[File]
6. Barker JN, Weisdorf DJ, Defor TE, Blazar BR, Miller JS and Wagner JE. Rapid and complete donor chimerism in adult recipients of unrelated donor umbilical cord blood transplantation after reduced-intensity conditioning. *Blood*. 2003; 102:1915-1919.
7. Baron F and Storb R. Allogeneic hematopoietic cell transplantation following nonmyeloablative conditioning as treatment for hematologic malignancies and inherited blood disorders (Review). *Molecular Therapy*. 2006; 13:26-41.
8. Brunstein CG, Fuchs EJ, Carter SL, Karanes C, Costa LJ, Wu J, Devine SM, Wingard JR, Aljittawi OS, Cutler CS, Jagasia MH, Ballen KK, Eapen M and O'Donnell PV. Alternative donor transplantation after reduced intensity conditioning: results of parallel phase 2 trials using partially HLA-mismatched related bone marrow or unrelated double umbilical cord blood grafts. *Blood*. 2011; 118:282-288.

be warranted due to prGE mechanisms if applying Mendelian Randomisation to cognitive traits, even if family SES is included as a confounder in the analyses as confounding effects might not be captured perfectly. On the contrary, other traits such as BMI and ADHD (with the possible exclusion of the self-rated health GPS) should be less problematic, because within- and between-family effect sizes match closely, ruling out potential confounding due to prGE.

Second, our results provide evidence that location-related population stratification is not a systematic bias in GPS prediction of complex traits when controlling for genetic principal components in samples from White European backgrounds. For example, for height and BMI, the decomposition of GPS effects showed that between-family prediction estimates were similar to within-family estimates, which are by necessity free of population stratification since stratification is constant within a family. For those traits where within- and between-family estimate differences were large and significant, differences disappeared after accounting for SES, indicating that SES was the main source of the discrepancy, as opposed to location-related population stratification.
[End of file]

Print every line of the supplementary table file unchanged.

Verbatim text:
6. Barker JN, Weisdorf DJ, Defor TE, Blazar BR, Miller JS and Wagner JE. Rapid and complete donor chimerism in adult recipients of unrelated donor umbilical cord blood transplantation after reduced-intensity conditioning. *Blood*. 2003; 102:1915-1919.
7. Baron F and Storb R. Allogeneic hematopoietic cell transplantation following nonmyeloablative conditioning as treatment for hematologic malignancies and inherited blood disorders (Review). *Molecular Therapy*. 2006; 13:26-41.
8. Brunstein CG, Fuchs EJ, Carter SL, Karanes C, Costa LJ, Wu J, Devine SM, Wingard JR, Aljittawi OS, Cutler CS, Jagasia MH, Ballen KK, Eapen M and O'Donnell PV. Alternative donor transplantation after reduced intensity conditioning: results of parallel phase 2 trials using partially HLA-mismatched related bone marrow or unrelated double umbilical cord blood grafts. *Blood*. 2011; 118:282-288.

be warranted due to prGE mechanisms if applying Mendelian Randomisation to cognitive traits, even if family SES is included as a confounder in the analyses as confounding effects might not be captured perfectly. On the contrary, other traits such as BMI and ADHD (with the possible exclusion of the self-rated health GPS) should be less problematic, because within- and between-family effect sizes match closely, ruling out potential confounding due to prGE.

Second, our results provide evidence that location-related population stratification is not a systematic bias in GPS prediction of complex traits when controlling for genetic principal components in samples from White European backgrounds. For example, for height and BMI, the decomposition of GPS effects showed that between-family prediction estimates were similar to within-family estimates, which are by necessity free of population stratification since stratification is constant within a family. For those traits where within- and between-family estimate differences were large and significant, differences disappeared after accounting for SES, indicating that SES was the main source of the discrepancy, as opposed to location-related population stratification.